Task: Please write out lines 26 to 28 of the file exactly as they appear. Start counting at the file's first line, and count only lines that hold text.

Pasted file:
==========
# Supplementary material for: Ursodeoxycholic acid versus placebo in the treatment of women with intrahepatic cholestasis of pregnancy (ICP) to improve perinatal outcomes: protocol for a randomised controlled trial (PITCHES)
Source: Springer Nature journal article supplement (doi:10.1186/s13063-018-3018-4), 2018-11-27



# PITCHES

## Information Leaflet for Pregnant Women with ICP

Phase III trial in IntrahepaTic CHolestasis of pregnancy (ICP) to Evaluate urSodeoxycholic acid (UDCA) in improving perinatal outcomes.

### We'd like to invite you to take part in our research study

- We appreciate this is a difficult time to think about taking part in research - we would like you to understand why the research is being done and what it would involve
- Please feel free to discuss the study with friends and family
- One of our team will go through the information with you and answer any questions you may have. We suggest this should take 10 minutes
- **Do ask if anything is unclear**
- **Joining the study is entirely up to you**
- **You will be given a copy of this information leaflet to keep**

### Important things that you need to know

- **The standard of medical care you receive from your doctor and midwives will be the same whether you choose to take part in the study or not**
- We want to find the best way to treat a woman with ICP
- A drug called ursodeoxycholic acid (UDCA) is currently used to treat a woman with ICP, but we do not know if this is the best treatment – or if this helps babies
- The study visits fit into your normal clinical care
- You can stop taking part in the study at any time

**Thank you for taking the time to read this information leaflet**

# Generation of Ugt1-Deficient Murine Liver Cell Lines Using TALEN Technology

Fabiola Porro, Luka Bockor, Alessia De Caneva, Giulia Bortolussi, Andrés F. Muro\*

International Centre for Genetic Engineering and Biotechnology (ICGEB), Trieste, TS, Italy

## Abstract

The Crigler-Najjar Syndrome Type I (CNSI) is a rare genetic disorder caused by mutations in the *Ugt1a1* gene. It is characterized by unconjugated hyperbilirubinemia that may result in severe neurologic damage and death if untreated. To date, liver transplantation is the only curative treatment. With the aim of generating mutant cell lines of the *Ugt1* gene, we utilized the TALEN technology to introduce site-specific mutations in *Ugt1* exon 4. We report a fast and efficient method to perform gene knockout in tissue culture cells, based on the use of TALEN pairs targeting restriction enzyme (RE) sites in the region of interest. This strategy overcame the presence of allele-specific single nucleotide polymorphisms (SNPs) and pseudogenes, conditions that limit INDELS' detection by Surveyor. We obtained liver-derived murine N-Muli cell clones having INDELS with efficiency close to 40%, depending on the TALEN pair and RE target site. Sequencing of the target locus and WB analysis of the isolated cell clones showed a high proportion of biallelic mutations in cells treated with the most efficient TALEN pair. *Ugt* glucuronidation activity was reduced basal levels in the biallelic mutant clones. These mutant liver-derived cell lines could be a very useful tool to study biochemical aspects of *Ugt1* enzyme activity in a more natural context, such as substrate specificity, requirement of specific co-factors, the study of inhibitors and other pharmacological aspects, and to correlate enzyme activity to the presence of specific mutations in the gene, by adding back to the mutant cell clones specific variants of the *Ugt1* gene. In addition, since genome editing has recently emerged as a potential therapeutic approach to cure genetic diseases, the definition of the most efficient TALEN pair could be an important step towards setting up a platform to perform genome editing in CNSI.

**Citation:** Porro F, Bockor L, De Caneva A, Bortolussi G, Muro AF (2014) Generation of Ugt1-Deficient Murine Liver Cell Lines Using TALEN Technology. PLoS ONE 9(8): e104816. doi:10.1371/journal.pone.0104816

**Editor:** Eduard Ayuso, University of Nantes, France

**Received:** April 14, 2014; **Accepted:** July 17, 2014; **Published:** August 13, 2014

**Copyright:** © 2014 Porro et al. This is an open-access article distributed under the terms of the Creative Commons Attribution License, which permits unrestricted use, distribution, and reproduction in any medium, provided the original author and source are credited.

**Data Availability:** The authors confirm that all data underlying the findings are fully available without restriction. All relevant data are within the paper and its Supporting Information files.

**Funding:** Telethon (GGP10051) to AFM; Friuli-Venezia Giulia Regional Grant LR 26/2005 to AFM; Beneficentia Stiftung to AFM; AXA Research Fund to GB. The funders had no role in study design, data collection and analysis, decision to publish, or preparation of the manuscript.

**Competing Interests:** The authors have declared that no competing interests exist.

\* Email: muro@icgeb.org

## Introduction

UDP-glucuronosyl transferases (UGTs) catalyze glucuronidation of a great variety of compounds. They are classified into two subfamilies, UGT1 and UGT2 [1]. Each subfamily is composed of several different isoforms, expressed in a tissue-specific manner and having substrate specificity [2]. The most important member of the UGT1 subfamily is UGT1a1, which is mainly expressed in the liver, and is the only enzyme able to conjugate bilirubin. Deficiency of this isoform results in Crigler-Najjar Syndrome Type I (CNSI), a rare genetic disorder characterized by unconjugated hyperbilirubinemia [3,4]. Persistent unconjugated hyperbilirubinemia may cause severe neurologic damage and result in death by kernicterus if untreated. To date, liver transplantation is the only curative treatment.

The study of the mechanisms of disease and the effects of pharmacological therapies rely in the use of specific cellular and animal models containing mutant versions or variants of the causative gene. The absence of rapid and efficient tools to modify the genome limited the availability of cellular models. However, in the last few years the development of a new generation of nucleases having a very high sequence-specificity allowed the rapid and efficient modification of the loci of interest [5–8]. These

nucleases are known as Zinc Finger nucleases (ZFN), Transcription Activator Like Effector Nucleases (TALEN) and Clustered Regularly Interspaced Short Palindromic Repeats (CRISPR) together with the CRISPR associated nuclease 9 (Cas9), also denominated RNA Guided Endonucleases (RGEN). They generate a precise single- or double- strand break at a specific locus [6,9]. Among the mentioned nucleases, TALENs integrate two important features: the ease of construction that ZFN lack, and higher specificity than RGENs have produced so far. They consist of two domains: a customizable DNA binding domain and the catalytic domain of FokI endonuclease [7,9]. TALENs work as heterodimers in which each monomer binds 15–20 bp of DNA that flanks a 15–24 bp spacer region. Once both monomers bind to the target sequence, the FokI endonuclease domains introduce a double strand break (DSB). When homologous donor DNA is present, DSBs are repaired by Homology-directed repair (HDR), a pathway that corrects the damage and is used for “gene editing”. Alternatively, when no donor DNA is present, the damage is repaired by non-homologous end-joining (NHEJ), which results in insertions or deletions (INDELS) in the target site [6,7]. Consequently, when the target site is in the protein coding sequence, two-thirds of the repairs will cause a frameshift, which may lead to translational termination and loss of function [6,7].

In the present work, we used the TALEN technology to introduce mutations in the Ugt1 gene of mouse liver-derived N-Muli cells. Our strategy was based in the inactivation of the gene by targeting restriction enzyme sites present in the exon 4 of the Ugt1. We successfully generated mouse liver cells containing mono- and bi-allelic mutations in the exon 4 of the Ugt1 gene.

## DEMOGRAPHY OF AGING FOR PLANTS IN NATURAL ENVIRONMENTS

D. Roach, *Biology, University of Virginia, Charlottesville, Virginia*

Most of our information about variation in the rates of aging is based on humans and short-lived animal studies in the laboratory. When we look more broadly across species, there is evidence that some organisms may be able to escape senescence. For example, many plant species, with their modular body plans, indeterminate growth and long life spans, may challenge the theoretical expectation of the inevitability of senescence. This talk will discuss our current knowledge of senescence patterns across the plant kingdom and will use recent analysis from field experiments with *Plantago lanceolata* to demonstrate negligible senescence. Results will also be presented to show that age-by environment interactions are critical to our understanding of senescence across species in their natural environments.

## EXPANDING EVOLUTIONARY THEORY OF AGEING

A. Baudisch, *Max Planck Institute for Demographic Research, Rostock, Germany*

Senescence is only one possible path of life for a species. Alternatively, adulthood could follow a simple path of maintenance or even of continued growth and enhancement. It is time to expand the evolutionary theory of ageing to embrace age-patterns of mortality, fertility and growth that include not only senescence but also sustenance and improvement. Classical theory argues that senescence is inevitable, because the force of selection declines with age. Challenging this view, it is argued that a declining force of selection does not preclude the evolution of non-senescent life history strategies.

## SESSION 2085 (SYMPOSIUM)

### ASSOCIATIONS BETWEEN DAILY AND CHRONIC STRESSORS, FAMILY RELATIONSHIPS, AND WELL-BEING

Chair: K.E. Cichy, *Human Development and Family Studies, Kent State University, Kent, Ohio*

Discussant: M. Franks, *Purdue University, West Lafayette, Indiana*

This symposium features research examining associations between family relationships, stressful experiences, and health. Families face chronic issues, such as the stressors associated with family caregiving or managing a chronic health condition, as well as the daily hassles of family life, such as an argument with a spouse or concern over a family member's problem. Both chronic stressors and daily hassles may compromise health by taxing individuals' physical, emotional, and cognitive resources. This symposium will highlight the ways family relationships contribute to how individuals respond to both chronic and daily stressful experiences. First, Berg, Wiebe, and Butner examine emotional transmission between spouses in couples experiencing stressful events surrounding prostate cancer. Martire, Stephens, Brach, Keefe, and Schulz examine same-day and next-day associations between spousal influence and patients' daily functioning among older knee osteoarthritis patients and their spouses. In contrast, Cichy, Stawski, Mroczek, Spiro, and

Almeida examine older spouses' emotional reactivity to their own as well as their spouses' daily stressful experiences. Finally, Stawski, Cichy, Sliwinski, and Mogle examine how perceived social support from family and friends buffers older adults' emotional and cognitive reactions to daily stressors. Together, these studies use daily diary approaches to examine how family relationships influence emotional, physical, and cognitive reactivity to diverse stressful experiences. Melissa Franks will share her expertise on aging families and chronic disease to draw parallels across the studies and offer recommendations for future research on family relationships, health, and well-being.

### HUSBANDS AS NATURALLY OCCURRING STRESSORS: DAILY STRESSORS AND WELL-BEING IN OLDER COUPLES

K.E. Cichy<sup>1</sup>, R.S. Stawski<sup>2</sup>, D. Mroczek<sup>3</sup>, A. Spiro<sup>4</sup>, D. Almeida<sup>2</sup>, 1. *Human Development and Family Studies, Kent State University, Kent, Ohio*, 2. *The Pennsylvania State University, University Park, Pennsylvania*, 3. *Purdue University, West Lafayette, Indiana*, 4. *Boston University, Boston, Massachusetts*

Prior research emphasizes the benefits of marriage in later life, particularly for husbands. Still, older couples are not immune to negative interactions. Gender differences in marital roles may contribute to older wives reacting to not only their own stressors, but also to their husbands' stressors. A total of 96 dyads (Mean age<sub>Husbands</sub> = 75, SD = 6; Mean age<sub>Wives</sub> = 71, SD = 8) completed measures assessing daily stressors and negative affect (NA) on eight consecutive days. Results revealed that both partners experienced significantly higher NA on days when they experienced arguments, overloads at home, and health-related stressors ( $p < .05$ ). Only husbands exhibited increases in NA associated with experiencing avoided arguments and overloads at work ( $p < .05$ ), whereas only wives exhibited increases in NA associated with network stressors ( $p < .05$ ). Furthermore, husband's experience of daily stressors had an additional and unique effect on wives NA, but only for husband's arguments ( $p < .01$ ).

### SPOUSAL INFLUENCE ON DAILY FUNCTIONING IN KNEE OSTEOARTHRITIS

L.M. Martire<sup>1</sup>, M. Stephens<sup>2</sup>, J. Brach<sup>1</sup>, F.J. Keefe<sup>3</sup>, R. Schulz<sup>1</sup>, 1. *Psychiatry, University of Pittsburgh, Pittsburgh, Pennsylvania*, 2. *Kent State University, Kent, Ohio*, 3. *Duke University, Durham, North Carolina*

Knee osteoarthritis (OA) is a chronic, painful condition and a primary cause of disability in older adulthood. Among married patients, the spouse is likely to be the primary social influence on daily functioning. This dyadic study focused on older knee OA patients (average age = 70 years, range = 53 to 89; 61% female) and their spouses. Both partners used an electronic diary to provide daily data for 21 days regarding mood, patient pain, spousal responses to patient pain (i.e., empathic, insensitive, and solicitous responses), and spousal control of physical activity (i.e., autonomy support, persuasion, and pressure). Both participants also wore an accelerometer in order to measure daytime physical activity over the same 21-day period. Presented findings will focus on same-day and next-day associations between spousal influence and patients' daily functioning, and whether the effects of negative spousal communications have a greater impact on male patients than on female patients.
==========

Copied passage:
**Editor:** Eduard Ayuso, University of Nantes, France

**Received:** April 14, 2014; **Accepted:** July 17, 2014; **Published:** August 13, 2014

**Copyright:** © 2014 Porro et al. This is an open-access article distributed under the terms of the Creative Commons Attribution License, which permits unrestricted use, distribution, and reproduction in any medium, provided the original author and source are credited.